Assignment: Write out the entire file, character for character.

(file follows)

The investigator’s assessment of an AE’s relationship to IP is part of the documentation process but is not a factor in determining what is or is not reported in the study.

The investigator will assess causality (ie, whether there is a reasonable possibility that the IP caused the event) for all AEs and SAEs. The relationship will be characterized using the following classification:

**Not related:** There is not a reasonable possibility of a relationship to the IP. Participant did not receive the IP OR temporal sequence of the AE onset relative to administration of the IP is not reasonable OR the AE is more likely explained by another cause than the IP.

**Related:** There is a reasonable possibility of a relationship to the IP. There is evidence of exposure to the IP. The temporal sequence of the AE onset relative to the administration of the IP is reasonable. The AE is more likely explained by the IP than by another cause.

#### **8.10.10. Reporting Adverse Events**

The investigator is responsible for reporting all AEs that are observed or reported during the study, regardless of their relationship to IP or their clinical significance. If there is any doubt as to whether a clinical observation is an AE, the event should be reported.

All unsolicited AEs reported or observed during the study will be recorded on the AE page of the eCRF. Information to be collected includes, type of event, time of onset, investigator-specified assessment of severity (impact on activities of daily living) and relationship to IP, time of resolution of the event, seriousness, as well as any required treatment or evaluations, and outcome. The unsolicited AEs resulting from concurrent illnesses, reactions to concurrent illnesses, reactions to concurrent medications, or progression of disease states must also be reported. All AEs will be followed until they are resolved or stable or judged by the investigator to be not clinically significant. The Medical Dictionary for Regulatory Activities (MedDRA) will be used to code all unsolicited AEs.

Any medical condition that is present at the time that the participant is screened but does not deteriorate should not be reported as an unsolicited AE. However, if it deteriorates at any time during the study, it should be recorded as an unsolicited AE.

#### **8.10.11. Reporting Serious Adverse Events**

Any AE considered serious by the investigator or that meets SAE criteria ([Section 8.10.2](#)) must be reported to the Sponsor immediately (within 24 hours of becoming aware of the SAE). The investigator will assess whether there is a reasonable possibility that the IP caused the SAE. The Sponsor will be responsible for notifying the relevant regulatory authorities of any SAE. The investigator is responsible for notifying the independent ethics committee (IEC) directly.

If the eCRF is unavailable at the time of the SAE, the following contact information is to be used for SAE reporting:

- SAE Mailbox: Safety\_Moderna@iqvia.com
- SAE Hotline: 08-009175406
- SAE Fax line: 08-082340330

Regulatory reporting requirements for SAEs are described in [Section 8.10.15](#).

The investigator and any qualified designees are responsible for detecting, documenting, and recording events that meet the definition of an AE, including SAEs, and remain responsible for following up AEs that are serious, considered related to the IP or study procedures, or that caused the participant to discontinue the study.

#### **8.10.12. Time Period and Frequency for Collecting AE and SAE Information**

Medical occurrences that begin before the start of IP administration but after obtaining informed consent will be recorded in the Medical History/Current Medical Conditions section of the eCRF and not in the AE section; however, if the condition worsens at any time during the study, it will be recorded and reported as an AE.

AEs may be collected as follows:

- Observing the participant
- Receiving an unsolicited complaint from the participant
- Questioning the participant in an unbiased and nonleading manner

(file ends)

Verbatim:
The investigator’s assessment of an AE’s relationship to IP is part of the documentation process but is not a factor in determining what is or is not reported in the study.

The investigator will assess causality (ie, whether there is a reasonable possibility that the IP caused the event) for all AEs and SAEs. The relationship will be characterized using the following classification:

**Not related:** There is not a reasonable possibility of a relationship to the IP. Participant did not receive the IP OR temporal sequence of the AE onset relative to administration of the IP is not reasonable OR the AE is more likely explained by another cause than the IP.

**Related:** There is a reasonable possibility of a relationship to the IP. There is evidence of exposure to the IP. The temporal sequence of the AE onset relative to the administration of the IP is reasonable. The AE is more likely explained by the IP than by another cause.

#### **8.10.10. Reporting Adverse Events**

The investigator is responsible for reporting all AEs that are observed or reported during the study, regardless of their relationship to IP or their clinical significance. If there is any doubt as to whether a clinical observation is an AE, the event should be reported.

All unsolicited AEs reported or observed during the study will be recorded on the AE page of the eCRF. Information to be collected includes, type of event, time of onset, investigator-specified assessment of severity (impact on activities of daily living) and relationship to IP, time of resolution of the event, seriousness, as well as any required treatment or evaluations, and outcome. The unsolicited AEs resulting from concurrent illnesses, reactions to concurrent illnesses, reactions to concurrent medications, or progression of disease states must also be reported. All AEs will be followed until they are resolved or stable or judged by the investigator to be not clinically significant. The Medical Dictionary for Regulatory Activities (MedDRA) will be used to code all unsolicited AEs.

Any medical condition that is present at the time that the participant is screened but does not deteriorate should not be reported as an unsolicited AE. However, if it deteriorates at any time during the study, it should be recorded as an unsolicited AE.

#### **8.10.11. Reporting Serious Adverse Events**

Any AE considered serious by the investigator or that meets SAE criteria ([Section 8.10.2](#)) must be reported to the Sponsor immediately (within 24 hours of becoming aware of the SAE). The investigator will assess whether there is a reasonable possibility that the IP caused the SAE. The Sponsor will be responsible for notifying the relevant regulatory authorities of any SAE. The investigator is responsible for notifying the independent ethics committee (IEC) directly.

If the eCRF is unavailable at the time of the SAE, the following contact information is to be used for SAE reporting:

- SAE Mailbox: Safety\_Moderna@iqvia.com
- SAE Hotline: 08-009175406
- SAE Fax line: 08-082340330

Regulatory reporting requirements for SAEs are described in [Section 8.10.15](#).

The investigator and any qualified designees are responsible for detecting, documenting, and recording events that meet the definition of an AE, including SAEs, and remain responsible for following up AEs that are serious, considered related to the IP or study procedures, or that caused the participant to discontinue the study.

#### **8.10.12. Time Period and Frequency for Collecting AE and SAE Information**

Medical occurrences that begin before the start of IP administration but after obtaining informed consent will be recorded in the Medical History/Current Medical Conditions section of the eCRF and not in the AE section; however, if the condition worsens at any time during the study, it will be recorded and reported as an AE.

AEs may be collected as follows:

- Observing the participant
- Receiving an unsolicited complaint from the participant
- Questioning the participant in an unbiased and nonleading manner